in their multi-thousands from the fields of Provence or wherever.
It is so dense it nearly cloys, but at the last moment it rears back,

pulsing, there are waves of radiant light and perfume tracking
through our backyard skies, in scintillating haste, yet pausing
long enough, just enough, to settle on my vagrant lips, my hungry

nose, penetrating hard into two flaring nostrils, like breath, like
nature pushing oxygen deep to lung and absorption. This rose, so
pinkly bright and mood-changing, is Lorraine Lee – and it made me.

It, this sumptuous, voluptuous, climbing rose, has followed me all
my days, it has been there as needed, grown its vast armoury of thorns
and buds – bursting open in pursuit of constellations of gasp and wonder.

Bees suckle at its tenderness as birds and cabbage-white butterflies
pause for thought. I grab a visitor, take him down there, declaim at its
power and beauty. Clearly, it does not need my spluttered exclamations.

At other times I pick a stem, place in a long-necked vase, pause to admire.
It looks back, weeping, bends its neck within a day or two. Rejecting my
secateured needs, it says to me, I prefer to be exactly where and how I was.

Allan Padgett  

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The Cemetery Visit

Went into the sandhills
to pick a bunch for Dad’s grave—
into the hills he walked daily
where he collected discarded toys
from the modern plastic middens.
Brought them home for a second chance
organised them in the shade house
aircraft boneyards,
dinosaur herds mingling with farm animals,
a showcase of Disney characters,
a toy caryard,
my little pony and friends,
arranged to peer into the fish pond
shelter under the monstera deliciosa,
perch on pots of aspidistra
gather around creek-bed stones.

I picked
wattle, daisies and grasses,
feral hops along the rail line,
saltbush and blue bush,
sandhill cane grass and
pimelea microcephala,
its tiny cream flowers
enticing yellow berries.

I tied the bush bunch with
a bit of twine recycled from somewhere
thought he would probably say—
What are you bringing me this rubbish for?
Mum thought not.
Two understandings
of the same man.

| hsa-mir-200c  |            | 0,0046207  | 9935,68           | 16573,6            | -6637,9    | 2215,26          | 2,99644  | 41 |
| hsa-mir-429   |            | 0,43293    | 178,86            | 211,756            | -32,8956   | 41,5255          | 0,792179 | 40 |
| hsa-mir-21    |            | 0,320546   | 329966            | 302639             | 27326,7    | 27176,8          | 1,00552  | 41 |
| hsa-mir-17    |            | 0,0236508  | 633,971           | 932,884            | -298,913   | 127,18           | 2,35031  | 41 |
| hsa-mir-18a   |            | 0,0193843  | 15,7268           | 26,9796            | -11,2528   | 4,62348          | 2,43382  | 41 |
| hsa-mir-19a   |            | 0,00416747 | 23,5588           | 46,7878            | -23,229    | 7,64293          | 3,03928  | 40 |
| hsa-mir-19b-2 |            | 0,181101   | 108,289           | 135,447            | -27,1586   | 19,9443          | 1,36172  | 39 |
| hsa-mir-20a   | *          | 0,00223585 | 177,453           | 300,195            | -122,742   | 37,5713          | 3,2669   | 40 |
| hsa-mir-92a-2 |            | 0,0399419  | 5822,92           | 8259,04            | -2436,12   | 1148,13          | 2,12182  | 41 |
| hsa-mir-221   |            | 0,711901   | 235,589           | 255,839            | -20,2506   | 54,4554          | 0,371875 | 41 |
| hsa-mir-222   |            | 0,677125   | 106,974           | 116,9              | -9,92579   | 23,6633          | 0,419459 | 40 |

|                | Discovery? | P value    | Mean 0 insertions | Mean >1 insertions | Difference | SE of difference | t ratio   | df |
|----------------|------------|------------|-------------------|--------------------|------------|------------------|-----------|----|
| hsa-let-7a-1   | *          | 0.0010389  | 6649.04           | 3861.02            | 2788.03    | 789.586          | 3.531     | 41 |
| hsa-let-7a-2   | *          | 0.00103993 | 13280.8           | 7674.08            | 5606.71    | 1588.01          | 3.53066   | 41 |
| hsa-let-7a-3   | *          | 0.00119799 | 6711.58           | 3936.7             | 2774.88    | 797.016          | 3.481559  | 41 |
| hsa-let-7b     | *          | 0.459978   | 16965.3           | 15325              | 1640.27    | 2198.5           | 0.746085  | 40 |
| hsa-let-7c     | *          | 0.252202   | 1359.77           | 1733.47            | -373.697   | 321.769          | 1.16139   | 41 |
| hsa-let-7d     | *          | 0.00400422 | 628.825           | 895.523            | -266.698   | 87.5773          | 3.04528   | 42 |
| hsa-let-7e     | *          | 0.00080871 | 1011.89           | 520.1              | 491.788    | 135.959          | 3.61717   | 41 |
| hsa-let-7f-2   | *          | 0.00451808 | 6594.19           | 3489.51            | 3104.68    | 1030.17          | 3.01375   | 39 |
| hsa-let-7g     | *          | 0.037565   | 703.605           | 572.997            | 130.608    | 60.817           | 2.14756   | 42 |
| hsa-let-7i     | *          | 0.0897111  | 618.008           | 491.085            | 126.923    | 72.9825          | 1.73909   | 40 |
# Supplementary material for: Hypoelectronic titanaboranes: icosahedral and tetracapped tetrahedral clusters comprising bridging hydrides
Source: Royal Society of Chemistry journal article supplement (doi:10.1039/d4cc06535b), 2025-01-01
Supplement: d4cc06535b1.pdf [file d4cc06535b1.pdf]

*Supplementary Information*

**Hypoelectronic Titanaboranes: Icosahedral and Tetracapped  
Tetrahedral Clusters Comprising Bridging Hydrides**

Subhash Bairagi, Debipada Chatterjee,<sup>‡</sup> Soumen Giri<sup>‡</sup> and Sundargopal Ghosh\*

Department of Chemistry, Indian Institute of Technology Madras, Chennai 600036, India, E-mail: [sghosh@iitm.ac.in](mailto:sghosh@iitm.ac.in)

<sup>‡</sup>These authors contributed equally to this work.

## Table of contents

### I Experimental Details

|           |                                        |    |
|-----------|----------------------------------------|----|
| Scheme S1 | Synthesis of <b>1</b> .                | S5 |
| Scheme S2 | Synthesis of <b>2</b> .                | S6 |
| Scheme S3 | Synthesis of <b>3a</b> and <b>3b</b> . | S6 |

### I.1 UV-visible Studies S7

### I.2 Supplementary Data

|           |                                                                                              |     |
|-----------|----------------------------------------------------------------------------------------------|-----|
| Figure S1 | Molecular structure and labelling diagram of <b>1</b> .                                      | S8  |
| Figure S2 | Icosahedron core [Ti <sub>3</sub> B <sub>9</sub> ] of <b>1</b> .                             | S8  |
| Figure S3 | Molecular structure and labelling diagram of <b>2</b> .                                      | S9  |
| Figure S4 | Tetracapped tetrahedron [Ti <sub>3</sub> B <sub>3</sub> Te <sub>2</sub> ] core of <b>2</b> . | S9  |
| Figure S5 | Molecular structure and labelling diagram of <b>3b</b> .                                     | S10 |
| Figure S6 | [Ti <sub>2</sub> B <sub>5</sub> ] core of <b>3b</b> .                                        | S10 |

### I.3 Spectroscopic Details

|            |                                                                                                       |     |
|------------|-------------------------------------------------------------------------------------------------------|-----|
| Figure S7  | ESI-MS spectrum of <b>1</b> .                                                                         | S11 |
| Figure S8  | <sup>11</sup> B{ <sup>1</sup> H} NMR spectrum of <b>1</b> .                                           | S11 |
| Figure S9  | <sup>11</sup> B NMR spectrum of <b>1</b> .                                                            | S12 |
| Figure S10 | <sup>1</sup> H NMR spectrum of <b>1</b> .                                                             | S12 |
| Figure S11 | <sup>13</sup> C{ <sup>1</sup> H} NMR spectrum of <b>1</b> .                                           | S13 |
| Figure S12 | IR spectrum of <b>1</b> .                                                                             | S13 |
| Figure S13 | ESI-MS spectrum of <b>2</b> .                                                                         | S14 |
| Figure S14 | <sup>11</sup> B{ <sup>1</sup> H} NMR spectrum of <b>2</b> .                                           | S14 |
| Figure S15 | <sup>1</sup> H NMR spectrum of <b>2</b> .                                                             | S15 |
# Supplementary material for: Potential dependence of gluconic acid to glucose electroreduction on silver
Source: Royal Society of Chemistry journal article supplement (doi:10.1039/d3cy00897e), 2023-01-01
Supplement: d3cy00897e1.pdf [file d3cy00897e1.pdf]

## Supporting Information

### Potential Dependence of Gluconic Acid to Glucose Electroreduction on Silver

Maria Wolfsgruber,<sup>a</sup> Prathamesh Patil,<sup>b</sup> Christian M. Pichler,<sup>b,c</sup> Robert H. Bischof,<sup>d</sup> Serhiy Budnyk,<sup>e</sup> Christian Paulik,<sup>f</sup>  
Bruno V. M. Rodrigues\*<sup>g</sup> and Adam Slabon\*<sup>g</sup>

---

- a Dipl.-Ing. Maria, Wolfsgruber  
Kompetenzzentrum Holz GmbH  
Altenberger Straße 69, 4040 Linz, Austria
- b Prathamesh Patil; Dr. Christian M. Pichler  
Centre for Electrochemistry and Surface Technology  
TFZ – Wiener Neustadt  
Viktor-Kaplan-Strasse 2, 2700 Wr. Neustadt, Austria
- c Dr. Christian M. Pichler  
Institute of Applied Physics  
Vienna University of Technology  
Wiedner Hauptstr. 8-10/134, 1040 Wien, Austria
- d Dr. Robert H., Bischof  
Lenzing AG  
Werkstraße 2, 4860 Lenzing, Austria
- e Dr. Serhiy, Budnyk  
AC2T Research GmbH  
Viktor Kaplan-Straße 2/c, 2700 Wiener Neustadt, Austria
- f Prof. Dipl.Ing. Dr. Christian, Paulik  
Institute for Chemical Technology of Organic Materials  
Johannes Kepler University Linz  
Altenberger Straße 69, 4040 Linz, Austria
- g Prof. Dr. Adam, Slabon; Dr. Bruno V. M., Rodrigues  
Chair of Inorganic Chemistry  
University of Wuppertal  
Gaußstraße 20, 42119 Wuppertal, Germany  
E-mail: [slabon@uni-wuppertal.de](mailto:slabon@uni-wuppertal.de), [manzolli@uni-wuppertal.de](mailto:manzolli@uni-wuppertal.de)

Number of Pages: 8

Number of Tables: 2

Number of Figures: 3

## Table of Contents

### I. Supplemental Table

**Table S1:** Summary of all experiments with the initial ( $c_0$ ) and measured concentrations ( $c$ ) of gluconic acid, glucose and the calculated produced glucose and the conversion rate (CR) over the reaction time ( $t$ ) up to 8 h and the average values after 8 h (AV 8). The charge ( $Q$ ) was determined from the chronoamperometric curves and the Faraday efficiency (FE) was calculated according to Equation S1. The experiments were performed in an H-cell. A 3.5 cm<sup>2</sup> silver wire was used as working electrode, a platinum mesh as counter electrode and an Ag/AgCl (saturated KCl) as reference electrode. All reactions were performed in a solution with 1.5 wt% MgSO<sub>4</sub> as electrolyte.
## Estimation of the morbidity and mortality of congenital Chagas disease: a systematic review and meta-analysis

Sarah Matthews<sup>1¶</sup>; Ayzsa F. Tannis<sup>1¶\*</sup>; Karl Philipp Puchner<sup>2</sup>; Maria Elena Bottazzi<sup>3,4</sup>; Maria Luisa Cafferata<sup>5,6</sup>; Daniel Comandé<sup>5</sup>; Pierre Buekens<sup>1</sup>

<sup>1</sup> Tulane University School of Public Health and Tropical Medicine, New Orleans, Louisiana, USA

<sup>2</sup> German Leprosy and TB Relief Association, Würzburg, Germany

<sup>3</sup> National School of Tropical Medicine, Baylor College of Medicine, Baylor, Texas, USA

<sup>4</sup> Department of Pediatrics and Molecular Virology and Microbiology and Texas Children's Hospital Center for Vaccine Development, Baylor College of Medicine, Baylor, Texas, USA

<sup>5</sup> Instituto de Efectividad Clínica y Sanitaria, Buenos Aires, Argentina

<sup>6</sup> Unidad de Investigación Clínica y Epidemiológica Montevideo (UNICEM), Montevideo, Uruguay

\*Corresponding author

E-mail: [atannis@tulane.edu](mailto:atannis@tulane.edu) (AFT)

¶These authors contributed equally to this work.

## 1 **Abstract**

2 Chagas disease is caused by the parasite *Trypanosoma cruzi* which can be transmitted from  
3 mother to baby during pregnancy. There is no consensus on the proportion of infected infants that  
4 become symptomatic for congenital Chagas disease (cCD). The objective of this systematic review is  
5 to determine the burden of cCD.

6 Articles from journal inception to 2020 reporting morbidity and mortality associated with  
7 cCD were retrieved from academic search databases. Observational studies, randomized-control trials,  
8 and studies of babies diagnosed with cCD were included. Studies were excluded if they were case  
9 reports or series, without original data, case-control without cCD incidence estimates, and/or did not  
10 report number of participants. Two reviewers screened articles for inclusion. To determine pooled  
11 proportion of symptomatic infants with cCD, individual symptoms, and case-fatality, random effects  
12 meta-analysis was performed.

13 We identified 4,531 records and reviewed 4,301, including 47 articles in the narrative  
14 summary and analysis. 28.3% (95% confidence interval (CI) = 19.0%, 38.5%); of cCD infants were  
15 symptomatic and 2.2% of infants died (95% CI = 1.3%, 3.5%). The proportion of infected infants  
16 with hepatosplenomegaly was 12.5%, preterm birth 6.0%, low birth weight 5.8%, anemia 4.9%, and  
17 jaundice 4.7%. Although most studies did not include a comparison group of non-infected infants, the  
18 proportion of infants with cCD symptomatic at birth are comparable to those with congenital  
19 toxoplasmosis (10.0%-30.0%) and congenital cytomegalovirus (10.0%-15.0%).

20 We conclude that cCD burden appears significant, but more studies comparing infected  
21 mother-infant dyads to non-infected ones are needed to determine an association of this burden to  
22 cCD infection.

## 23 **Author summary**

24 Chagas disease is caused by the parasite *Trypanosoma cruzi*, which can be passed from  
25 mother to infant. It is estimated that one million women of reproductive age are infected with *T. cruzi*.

It was just us
the day we visited
a willy wag tail
and the dead.

Mum was reflective:
Well, here you are down there,
in your Westies’ jumper.
I’m coming down too.
You’re not getting away
from me.

I had decay thoughts.
I hoped for a hole
in the plastic coffin liner, 
so Dad’s juices could escape.
Maybe the deep red
flowering gum nearby
would send a root
down and lift him up.

Coral Carter  

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Returned to Port

mandatory subject for Perth poets
convict cut limestone bones
a blunt arrowhead of one-way streets
points to the harbour
where steel cuboids clutched
from oceangoing boats  

no streamlined silhouettes
against sea horizons anymore
only boxed incomers, charmless
floating multi storey storage units
which swallow hundreds of cars
and in an act of profitable defecation
discharge them from their rears
on to a concrete apron  

gone are smoke stacked freighters
there’s nothing to flag thoughts
of exotic ports like Aden
or Colombo
no jute sacks or tea chests
swung in slings, no bunches
of bananas manhandled
by swarthy lascars  

the only romance may remain
in a vessel’s name  

take that ship unloading at E berth
Morning Wisteria
a flowery name for a ship
weighted with doomed sheep
soon to be dashed out to sea  

dark shadows coming and going
in the swell of Gage Roads
that smell
gifted by the breeze  

Ross Jackson  

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East of the Western Ocean

Three hundred and sixty degrees in all sight lines,
the land an Arnotts’ brown.
On a crest, the howling east wind scarifies eyes,
shoes implant in sticky tar, hat blows away.
In grain paddocks remnant ringbarked posts of York
or salmon gum crisscross; painfully stitching up scars.
No water softening greens, just tan.
No sheltering branches, just vast incomprehensible expanses
of biscuits, porridge, bread, flour, a morning croissant.
At what price the refuge hidden between sheoaks, melaleucas,
shivering in the heat, its waters glaring skyward,
the ducks gliding in scant rushes?
Long ago the fledgling township drew its water from this pool,
sailed boats, had races, learned to swim.

Eons ago other women birthed beneath its trees,
gathered mussels, crays and yams. Sang to the waters.
Once there was a chain of pools, feeding veins,
sinuous snaking beneath softer light cradling long necked turtles,
swamp rats, tiny bats, antechinus, wallaby, waders.
Now further out. Salt.
Creeping upward. Nothing to diffuse this poisonous inevitability.
In a year or three all will be white, crystalline and briny.

Virginia O’Keeffe